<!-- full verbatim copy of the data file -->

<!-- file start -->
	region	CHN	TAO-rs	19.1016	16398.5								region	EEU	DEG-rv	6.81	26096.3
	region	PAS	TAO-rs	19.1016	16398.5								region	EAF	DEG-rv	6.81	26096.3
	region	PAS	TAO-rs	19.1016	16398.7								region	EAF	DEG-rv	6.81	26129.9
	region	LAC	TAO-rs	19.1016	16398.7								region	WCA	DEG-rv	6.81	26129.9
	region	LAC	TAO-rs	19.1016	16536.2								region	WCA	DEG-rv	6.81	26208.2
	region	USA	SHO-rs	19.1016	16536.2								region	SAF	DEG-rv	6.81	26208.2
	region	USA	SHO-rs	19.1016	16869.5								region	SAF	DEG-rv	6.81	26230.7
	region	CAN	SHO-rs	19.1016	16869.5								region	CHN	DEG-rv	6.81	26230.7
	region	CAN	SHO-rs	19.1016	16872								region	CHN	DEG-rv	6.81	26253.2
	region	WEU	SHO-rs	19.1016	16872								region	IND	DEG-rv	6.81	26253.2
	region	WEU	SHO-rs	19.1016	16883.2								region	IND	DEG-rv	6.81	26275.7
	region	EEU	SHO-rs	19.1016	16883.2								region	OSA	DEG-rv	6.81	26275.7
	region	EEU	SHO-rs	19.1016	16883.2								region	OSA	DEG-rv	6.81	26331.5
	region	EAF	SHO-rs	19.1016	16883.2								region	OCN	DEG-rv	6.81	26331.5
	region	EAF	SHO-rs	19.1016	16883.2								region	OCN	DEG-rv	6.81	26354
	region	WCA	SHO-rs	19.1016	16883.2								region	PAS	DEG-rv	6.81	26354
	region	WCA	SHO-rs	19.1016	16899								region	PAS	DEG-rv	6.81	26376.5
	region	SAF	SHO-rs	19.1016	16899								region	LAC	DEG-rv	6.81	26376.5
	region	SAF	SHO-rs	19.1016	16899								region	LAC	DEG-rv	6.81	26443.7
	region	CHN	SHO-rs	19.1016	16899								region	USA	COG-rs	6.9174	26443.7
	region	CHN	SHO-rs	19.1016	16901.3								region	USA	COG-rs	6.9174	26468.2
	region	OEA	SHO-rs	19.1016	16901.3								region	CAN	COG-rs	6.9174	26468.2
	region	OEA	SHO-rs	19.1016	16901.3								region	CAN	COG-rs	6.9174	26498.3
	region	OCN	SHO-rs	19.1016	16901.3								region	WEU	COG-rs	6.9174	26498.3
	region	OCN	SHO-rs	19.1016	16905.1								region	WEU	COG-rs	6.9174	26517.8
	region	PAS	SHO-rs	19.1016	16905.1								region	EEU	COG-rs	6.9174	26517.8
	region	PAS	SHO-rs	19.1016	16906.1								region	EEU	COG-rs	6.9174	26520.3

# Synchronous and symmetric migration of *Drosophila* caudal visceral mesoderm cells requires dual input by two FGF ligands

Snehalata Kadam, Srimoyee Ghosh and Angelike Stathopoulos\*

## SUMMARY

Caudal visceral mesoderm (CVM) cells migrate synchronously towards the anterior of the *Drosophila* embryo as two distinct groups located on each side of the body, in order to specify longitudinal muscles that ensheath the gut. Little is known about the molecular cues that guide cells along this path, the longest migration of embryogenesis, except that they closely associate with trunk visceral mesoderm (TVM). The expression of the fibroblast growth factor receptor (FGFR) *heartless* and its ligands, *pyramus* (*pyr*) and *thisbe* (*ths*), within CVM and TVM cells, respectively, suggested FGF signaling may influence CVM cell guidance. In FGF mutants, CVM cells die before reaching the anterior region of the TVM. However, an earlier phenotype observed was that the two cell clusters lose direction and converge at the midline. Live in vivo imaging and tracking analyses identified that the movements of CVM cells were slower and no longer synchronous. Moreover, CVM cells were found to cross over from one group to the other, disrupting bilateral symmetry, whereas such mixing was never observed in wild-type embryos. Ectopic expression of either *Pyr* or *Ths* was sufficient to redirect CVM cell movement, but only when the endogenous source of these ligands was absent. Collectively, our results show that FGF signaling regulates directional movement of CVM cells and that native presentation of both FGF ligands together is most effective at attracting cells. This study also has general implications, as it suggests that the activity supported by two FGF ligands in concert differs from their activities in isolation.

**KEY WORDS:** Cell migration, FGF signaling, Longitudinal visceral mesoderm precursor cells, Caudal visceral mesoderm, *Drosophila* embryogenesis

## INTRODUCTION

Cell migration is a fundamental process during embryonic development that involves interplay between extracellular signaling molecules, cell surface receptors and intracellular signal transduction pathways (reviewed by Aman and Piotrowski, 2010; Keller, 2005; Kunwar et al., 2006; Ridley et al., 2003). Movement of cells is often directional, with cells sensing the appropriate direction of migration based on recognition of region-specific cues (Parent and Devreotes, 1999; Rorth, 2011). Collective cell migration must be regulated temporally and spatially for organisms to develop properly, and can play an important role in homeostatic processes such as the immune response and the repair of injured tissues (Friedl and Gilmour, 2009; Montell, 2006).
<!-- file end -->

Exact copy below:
	region	CHN	TAO-rs	19.1016	16398.5								region	EEU	DEG-rv	6.81	26096.3
	region	PAS	TAO-rs	19.1016	16398.5								region	EAF	DEG-rv	6.81	26096.3
	region	PAS	TAO-rs	19.1016	16398.7								region	EAF	DEG-rv	6.81	26129.9
	region	LAC	TAO-rs	19.1016	16398.7								region	WCA	DEG-rv	6.81	26129.9
	region	LAC	TAO-rs	19.1016	16536.2								region	WCA	DEG-rv	6.81	26208.2
	region	USA	SHO-rs	19.1016	16536.2								region	SAF	DEG-rv	6.81	26208.2
	region	USA	SHO-rs	19.1016	16869.5								region	SAF	DEG-rv	6.81	26230.7
	region	CAN	SHO-rs	19.1016	16869.5								region	CHN	DEG-rv	6.81	26230.7
	region	CAN	SHO-rs	19.1016	16872								region	CHN	DEG-rv	6.81	26253.2
	region	WEU	SHO-rs	19.1016	16872								region	IND	DEG-rv	6.81	26253.2
	region	WEU	SHO-rs	19.1016	16883.2								region	IND	DEG-rv	6.81	26275.7
	region	EEU	SHO-rs	19.1016	16883.2								region	OSA	DEG-rv	6.81	26275.7
	region	EEU	SHO-rs	19.1016	16883.2								region	OSA	DEG-rv	6.81	26331.5
	region	EAF	SHO-rs	19.1016	16883.2								region	OCN	DEG-rv	6.81	26331.5
	region	EAF	SHO-rs	19.1016	16883.2								region	OCN	DEG-rv	6.81	26354
	region	WCA	SHO-rs	19.1016	16883.2								region	PAS	DEG-rv	6.81	26354
	region	WCA	SHO-rs	19.1016	16899								region	PAS	DEG-rv	6.81	26376.5
	region	SAF	SHO-rs	19.1016	16899								region	LAC	DEG-rv	6.81	26376.5
	region	SAF	SHO-rs	19.1016	16899								region	LAC	DEG-rv	6.81	26443.7
	region	CHN	SHO-rs	19.1016	16899								region	USA	COG-rs	6.9174	26443.7
	region	CHN	SHO-rs	19.1016	16901.3								region	USA	COG-rs	6.9174	26468.2
	region	OEA	SHO-rs	19.1016	16901.3								region	CAN	COG-rs	6.9174	26468.2
	region	OEA	SHO-rs	19.1016	16901.3								region	CAN	COG-rs	6.9174	26498.3
	region	OCN	SHO-rs	19.1016	16901.3								region	WEU	COG-rs	6.9174	26498.3
	region	OCN	SHO-rs	19.1016	16905.1								region	WEU	COG-rs	6.9174	26517.8
	region	PAS	SHO-rs	19.1016	16905.1								region	EEU	COG-rs	6.9174	26517.8
	region	PAS	SHO-rs	19.1016	16906.1								region	EEU	COG-rs	6.9174	26520.3

# Synchronous and symmetric migration of *Drosophila* caudal visceral mesoderm cells requires dual input by two FGF ligands

Snehalata Kadam, Srimoyee Ghosh and Angelike Stathopoulos\*

## SUMMARY

Caudal visceral mesoderm (CVM) cells migrate synchronously towards the anterior of the *Drosophila* embryo as two distinct groups located on each side of the body, in order to specify longitudinal muscles that ensheath the gut. Little is known about the molecular cues that guide cells along this path, the longest migration of embryogenesis, except that they closely associate with trunk visceral mesoderm (TVM). The expression of the fibroblast growth factor receptor (FGFR) *heartless* and its ligands, *pyramus* (*pyr*) and *thisbe* (*ths*), within CVM and TVM cells, respectively, suggested FGF signaling may influence CVM cell guidance. In FGF mutants, CVM cells die before reaching the anterior region of the TVM. However, an earlier phenotype observed was that the two cell clusters lose direction and converge at the midline. Live in vivo imaging and tracking analyses identified that the movements of CVM cells were slower and no longer synchronous. Moreover, CVM cells were found to cross over from one group to the other, disrupting bilateral symmetry, whereas such mixing was never observed in wild-type embryos. Ectopic expression of either *Pyr* or *Ths* was sufficient to redirect CVM cell movement, but only when the endogenous source of these ligands was absent. Collectively, our results show that FGF signaling regulates directional movement of CVM cells and that native presentation of both FGF ligands together is most effective at attracting cells. This study also has general implications, as it suggests that the activity supported by two FGF ligands in concert differs from their activities in isolation.

**KEY WORDS:** Cell migration, FGF signaling, Longitudinal visceral mesoderm precursor cells, Caudal visceral mesoderm, *Drosophila* embryogenesis

## INTRODUCTION

Cell migration is a fundamental process during embryonic development that involves interplay between extracellular signaling molecules, cell surface receptors and intracellular signal transduction pathways (reviewed by Aman and Piotrowski, 2010; Keller, 2005; Kunwar et al., 2006; Ridley et al., 2003). Movement of cells is often directional, with cells sensing the appropriate direction of migration based on recognition of region-specific cues (Parent and Devreotes, 1999; Rorth, 2011). Collective cell migration must be regulated temporally and spatially for organisms to develop properly, and can play an important role in homeostatic processes such as the immune response and the repair of injured tissues (Friedl and Gilmour, 2009; Montell, 2006).